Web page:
# 1000. Minimum Cost to Merge Stones
CThere are N piles of stones arranged in a row. The i-th pile has stones[i] stones.
A move consists of merging exactly K consecutive piles into one pile, and the cost of this move is equal to the total number of stones in these K piles.
Find the minimum cost to merge all piles of stones into one pile. If it is impossible, return -1.
Input: stones = [3,2,4,1], K = 2 Output: 20 Explanation: We start with [3, 2, 4, 1]. We merge [3, 2] for a cost of 5, and we are left with [5, 4, 1]. We merge [4, 1] for a cost of 5, and we are left with [5, 5]. We merge [5, 5] for a cost of 10, and we are left with . The total cost was 20, and this is the minimum possible.
Input: stones = [3,2,4,1], K = 3 Output: -1 Explanation: After any merge operation, there are 2 piles left, and we can't merge anymore. So the task is impossible.
Input: stones = [3,5,1,2,6], K = 3 Output: 25 Explanation: We start with [3, 5, 1, 2, 6]. We merge [5, 1, 2] for a cost of 8, and we are left with [3, 8, 6]. We merge [3, 8, 6] for a cost of 17, and we are left with . The total cost was 25, and this is the minimum possible.
Approach 1: backtracking (TLE).
Approach 2: DP. Record the cost to merge stones i to j as much as possible.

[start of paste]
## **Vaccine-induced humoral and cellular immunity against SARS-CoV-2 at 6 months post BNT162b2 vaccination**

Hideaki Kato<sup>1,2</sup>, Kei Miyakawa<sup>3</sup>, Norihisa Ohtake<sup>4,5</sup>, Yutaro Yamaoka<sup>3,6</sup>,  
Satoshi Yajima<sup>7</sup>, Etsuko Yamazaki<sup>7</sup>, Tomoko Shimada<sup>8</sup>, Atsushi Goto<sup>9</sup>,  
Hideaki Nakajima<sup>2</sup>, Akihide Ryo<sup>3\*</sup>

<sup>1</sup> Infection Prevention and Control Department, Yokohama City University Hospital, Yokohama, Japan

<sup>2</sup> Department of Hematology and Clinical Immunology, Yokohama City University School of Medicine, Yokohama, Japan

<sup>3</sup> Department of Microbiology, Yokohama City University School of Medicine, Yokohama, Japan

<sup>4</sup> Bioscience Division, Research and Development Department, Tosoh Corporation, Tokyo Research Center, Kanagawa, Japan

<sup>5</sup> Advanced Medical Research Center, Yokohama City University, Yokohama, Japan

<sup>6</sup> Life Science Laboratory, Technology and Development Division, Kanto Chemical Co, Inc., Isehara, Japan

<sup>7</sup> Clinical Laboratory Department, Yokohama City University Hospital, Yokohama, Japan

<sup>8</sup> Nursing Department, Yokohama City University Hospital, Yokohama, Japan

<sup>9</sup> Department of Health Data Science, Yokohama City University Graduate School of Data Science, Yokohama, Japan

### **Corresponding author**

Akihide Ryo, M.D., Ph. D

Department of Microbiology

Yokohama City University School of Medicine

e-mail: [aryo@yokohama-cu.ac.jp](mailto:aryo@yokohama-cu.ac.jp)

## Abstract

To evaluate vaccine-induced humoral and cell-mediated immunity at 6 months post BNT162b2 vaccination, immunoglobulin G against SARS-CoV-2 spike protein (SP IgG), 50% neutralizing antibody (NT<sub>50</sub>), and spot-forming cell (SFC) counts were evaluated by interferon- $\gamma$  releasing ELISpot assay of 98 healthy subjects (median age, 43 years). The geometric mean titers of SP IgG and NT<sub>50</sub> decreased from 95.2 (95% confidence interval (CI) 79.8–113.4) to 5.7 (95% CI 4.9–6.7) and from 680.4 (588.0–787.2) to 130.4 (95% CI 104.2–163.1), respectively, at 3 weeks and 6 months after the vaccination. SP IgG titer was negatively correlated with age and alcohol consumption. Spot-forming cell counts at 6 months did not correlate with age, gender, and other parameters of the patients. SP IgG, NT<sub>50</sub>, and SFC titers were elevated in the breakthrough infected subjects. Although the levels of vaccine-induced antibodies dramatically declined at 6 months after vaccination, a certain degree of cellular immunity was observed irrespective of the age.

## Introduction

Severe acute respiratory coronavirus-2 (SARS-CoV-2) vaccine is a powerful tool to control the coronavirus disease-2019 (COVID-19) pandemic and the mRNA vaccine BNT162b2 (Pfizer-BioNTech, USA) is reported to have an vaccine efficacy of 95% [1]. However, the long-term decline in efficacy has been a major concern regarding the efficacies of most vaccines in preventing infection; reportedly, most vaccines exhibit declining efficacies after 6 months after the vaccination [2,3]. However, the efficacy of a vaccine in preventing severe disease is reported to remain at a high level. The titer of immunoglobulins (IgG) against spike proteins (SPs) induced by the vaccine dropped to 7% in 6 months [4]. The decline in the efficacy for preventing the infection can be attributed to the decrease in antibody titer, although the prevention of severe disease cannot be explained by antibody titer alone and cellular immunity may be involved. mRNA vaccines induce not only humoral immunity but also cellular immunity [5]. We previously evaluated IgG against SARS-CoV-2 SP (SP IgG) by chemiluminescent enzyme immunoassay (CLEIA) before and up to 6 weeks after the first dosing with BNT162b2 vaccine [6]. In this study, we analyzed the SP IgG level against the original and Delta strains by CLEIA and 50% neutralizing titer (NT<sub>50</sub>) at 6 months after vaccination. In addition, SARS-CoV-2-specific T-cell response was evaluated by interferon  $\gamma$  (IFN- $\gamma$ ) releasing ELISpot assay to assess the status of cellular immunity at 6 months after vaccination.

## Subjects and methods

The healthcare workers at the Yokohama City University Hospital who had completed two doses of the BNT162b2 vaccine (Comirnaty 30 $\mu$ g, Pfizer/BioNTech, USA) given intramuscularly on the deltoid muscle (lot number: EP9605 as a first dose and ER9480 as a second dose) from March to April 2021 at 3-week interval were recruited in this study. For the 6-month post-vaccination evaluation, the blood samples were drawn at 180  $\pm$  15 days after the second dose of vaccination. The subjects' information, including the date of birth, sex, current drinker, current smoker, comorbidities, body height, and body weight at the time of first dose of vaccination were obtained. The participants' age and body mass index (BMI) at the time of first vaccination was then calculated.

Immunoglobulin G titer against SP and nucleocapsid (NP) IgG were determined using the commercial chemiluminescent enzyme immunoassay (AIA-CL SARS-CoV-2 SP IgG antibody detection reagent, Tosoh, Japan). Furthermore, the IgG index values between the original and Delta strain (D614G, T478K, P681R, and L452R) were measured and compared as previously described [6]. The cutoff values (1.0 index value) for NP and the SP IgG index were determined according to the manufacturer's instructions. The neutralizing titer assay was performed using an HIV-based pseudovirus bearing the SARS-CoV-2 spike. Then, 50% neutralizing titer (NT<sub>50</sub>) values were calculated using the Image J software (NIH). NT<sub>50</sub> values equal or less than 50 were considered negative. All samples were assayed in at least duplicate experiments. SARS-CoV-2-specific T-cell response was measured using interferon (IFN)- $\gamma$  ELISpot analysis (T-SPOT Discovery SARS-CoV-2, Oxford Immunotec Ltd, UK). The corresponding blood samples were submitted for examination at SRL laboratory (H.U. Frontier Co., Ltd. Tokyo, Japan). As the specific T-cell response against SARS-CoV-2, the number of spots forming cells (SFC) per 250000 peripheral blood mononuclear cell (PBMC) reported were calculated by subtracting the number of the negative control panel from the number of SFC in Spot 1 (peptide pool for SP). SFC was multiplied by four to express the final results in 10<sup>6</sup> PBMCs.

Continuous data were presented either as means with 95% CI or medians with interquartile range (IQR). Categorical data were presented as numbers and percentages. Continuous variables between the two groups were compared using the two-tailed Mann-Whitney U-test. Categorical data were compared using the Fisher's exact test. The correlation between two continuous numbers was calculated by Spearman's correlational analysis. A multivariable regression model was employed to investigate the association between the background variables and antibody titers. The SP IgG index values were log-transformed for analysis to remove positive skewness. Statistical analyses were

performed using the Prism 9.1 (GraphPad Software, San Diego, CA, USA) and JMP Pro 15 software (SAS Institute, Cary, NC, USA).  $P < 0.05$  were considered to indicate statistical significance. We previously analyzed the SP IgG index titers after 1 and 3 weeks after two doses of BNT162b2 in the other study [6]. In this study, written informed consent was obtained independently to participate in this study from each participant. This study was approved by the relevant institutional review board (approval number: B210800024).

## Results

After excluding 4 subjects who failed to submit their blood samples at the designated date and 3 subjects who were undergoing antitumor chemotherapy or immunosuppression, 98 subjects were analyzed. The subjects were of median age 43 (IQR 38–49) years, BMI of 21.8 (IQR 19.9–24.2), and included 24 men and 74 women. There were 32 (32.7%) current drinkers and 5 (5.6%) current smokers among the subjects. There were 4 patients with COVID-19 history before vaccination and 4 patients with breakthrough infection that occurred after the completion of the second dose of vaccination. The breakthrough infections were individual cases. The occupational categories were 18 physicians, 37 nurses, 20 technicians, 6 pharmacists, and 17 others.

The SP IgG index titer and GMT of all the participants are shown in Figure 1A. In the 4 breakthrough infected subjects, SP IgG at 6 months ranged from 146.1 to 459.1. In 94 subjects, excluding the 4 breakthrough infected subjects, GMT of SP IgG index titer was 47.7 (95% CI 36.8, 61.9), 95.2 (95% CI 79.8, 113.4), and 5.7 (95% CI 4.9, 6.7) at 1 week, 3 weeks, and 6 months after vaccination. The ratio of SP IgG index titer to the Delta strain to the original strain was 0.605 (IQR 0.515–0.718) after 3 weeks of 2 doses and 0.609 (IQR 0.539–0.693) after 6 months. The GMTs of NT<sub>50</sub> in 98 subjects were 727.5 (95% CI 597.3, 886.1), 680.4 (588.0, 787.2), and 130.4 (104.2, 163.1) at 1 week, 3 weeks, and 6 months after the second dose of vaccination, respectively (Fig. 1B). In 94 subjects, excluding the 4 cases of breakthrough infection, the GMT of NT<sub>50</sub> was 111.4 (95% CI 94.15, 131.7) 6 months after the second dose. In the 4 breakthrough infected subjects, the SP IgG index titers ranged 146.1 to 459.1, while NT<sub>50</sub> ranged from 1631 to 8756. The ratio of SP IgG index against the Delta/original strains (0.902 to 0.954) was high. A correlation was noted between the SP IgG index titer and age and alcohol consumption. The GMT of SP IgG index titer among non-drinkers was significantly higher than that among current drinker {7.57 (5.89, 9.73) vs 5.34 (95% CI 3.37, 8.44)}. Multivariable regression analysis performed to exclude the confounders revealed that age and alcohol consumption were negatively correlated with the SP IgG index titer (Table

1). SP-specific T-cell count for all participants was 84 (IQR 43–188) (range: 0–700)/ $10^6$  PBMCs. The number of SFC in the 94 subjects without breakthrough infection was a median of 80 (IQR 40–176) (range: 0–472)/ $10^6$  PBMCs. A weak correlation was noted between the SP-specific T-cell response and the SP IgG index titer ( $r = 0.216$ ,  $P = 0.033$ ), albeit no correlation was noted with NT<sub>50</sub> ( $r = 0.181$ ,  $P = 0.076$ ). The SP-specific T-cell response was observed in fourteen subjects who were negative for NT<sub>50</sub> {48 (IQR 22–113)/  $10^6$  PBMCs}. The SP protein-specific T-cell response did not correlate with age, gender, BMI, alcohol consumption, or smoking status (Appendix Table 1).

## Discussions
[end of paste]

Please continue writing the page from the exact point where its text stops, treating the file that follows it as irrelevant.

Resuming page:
# Code (Python)
def mergeStones(self, stones: List[int], K: int) -> int: if len(stones) == 1: return 0 # every merge decreases the number of piles by (K-1) if K > 2 and len(stones) % (K-1) != 1: return -1 # backtracking (TLE) return self._merge(stones, K, 0) def _merge(self, stones, K, existing_cost): if len(stones) == 1: return existing_cost start = 0 min_cost = float('inf') while start + K - 1 < len(stones): # merge (start, start + 1, ..., start + K - 1) cost = sum(stones[start:start+K]) min_cost = min(min_cost, self._merge(stones[:start] + [cost] + stones[start+K:], K, cost + existing_cost)) start += 1 return min_cost
def mergeStones(self, stones: List[int], K: int) -> int: if len(stones) == 1: return 0 # every merge decreases the number of piles by (K-1) if K > 2 and len(stones) % (K-1) != 1: return -1 # preprocess the cumulative sums cum_sum = [stones] for stone in stones[1:]: cum_sum.append(cum_sum[-1] + stone) # DP: cost[i][j] -- cost to merge stones[i:j+1] as far as possible (at most K-1 piles) @functools.lru_cache(None) def merge(i, j): # already merged if j - i + 1 < K: return 0 # use mid to divide into 2 separate chunks, then merge them separately # make sure the first chunk can be merged into a single pile (thus step size = K - 1) because otherwise it could happen that neither chunk can be merged, e.g. [1,2,3,4] for K = 3, when mid = 1 cost = min(merge(i, mid) + merge(mid + 1, j) for mid in range(i, j, K-1)) # then merge both chunks together if they add up to K piles if (j - i) % (K - 1) == 0: #"if (j - i + 1) % (K - 1) == 1" doesn't work for K = 2 cost += cum_sum[j] - cum_sum[i-1] if i != 0 else cum_sum[j] return cost return merge(0, len(stones) - 1)
# Code (C++)